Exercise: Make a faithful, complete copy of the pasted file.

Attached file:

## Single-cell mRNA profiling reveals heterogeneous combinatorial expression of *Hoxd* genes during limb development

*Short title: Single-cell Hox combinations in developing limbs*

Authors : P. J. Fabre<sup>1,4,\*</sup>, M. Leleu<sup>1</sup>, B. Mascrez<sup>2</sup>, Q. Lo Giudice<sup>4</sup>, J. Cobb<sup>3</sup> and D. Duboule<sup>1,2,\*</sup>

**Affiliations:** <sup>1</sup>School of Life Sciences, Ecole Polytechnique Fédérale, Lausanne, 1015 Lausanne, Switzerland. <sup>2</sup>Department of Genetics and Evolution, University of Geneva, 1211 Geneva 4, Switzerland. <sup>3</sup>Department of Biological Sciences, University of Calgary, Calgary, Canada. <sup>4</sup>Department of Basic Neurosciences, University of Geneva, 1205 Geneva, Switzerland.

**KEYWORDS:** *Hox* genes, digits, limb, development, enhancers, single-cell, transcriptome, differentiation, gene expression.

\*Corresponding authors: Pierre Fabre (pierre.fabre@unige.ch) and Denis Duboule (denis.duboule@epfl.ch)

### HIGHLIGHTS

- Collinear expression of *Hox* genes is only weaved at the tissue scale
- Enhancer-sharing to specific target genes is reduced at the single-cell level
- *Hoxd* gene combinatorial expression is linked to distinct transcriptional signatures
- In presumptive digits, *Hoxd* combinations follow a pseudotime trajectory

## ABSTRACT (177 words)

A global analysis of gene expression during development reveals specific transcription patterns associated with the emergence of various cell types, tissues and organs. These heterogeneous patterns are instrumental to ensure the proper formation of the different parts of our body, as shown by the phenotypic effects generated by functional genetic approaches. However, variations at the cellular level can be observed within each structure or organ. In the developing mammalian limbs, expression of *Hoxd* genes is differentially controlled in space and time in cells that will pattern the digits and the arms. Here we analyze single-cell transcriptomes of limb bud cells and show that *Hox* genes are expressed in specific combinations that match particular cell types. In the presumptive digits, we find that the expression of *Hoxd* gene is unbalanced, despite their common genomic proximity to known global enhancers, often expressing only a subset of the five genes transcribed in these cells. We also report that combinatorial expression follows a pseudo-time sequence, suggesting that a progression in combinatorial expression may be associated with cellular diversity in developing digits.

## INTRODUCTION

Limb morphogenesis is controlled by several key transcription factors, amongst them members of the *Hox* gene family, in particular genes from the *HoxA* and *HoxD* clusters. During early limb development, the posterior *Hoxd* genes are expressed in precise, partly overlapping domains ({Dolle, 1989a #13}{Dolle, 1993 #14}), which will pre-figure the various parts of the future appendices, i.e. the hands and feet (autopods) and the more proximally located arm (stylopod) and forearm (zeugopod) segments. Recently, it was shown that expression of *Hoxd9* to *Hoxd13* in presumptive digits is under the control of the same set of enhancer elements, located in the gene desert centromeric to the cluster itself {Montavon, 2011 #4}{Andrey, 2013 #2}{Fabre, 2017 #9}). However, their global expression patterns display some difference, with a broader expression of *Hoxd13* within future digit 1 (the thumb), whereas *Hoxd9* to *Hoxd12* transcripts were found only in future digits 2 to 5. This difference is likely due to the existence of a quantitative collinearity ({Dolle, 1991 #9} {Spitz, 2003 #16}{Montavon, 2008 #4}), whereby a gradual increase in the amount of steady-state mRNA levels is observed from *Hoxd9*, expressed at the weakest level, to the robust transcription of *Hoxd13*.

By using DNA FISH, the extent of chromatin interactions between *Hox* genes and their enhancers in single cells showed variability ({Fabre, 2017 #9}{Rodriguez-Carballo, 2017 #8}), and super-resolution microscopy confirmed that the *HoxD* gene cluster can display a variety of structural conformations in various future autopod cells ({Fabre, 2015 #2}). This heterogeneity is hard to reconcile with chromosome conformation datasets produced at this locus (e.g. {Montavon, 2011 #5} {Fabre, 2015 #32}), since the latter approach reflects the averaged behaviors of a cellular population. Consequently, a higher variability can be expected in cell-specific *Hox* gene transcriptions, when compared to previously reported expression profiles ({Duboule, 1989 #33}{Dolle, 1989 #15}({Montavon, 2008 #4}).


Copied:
## Single-cell mRNA profiling reveals heterogeneous combinatorial expression of *Hoxd* genes during limb development

*Short title: Single-cell Hox combinations in developing limbs*

Authors : P. J. Fabre<sup>1,4,\*</sup>, M. Leleu<sup>1</sup>, B. Mascrez<sup>2</sup>, Q. Lo Giudice<sup>4</sup>, J. Cobb<sup>3</sup> and D. Duboule<sup>1,2,\*</sup>

**Affiliations:** <sup>1</sup>School of Life Sciences, Ecole Polytechnique Fédérale, Lausanne, 1015 Lausanne, Switzerland. <sup>2</sup>Department of Genetics and Evolution, University of Geneva, 1211 Geneva 4, Switzerland. <sup>3</sup>Department of Biological Sciences, University of Calgary, Calgary, Canada. <sup>4</sup>Department of Basic Neurosciences, University of Geneva, 1205 Geneva, Switzerland.

**KEYWORDS:** *Hox* genes, digits, limb, development, enhancers, single-cell, transcriptome, differentiation, gene expression.

\*Corresponding authors: Pierre Fabre (pierre.fabre@unige.ch) and Denis Duboule (denis.duboule@epfl.ch)

### HIGHLIGHTS

- Collinear expression of *Hox* genes is only weaved at the tissue scale
- Enhancer-sharing to specific target genes is reduced at the single-cell level
- *Hoxd* gene combinatorial expression is linked to distinct transcriptional signatures
- In presumptive digits, *Hoxd* combinations follow a pseudotime trajectory

## ABSTRACT (177 words)

A global analysis of gene expression during development reveals specific transcription patterns associated with the emergence of various cell types, tissues and organs. These heterogeneous patterns are instrumental to ensure the proper formation of the different parts of our body, as shown by the phenotypic effects generated by functional genetic approaches. However, variations at the cellular level can be observed within each structure or organ. In the developing mammalian limbs, expression of *Hoxd* genes is differentially controlled in space and time in cells that will pattern the digits and the arms. Here we analyze single-cell transcriptomes of limb bud cells and show that *Hox* genes are expressed in specific combinations that match particular cell types. In the presumptive digits, we find that the expression of *Hoxd* gene is unbalanced, despite their common genomic proximity to known global enhancers, often expressing only a subset of the five genes transcribed in these cells. We also report that combinatorial expression follows a pseudo-time sequence, suggesting that a progression in combinatorial expression may be associated with cellular diversity in developing digits.

## INTRODUCTION

Limb morphogenesis is controlled by several key transcription factors, amongst them members of the *Hox* gene family, in particular genes from the *HoxA* and *HoxD* clusters. During early limb development, the posterior *Hoxd* genes are expressed in precise, partly overlapping domains ({Dolle, 1989a #13}{Dolle, 1993 #14}), which will pre-figure the various parts of the future appendices, i.e. the hands and feet (autopods) and the more proximally located arm (stylopod) and forearm (zeugopod) segments. Recently, it was shown that expression of *Hoxd9* to *Hoxd13* in presumptive digits is under the control of the same set of enhancer elements, located in the gene desert centromeric to the cluster itself {Montavon, 2011 #4}{Andrey, 2013 #2}{Fabre, 2017 #9}). However, their global expression patterns display some difference, with a broader expression of *Hoxd13* within future digit 1 (the thumb), whereas *Hoxd9* to *Hoxd12* transcripts were found only in future digits 2 to 5. This difference is likely due to the existence of a quantitative collinearity ({Dolle, 1991 #9} {Spitz, 2003 #16}{Montavon, 2008 #4}), whereby a gradual increase in the amount of steady-state mRNA levels is observed from *Hoxd9*, expressed at the weakest level, to the robust transcription of *Hoxd13*.

By using DNA FISH, the extent of chromatin interactions between *Hox* genes and their enhancers in single cells showed variability ({Fabre, 2017 #9}{Rodriguez-Carballo, 2017 #8}), and super-resolution microscopy confirmed that the *HoxD* gene cluster can display a variety of structural conformations in various future autopod cells ({Fabre, 2015 #2}). This heterogeneity is hard to reconcile with chromosome conformation datasets produced at this locus (e.g. {Montavon, 2011 #5} {Fabre, 2015 #32}), since the latter approach reflects the averaged behaviors of a cellular population. Consequently, a higher variability can be expected in cell-specific *Hox* gene transcriptions, when compared to previously reported expression profiles ({Duboule, 1989 #33}{Dolle, 1989 #15}({Montavon, 2008 #4}).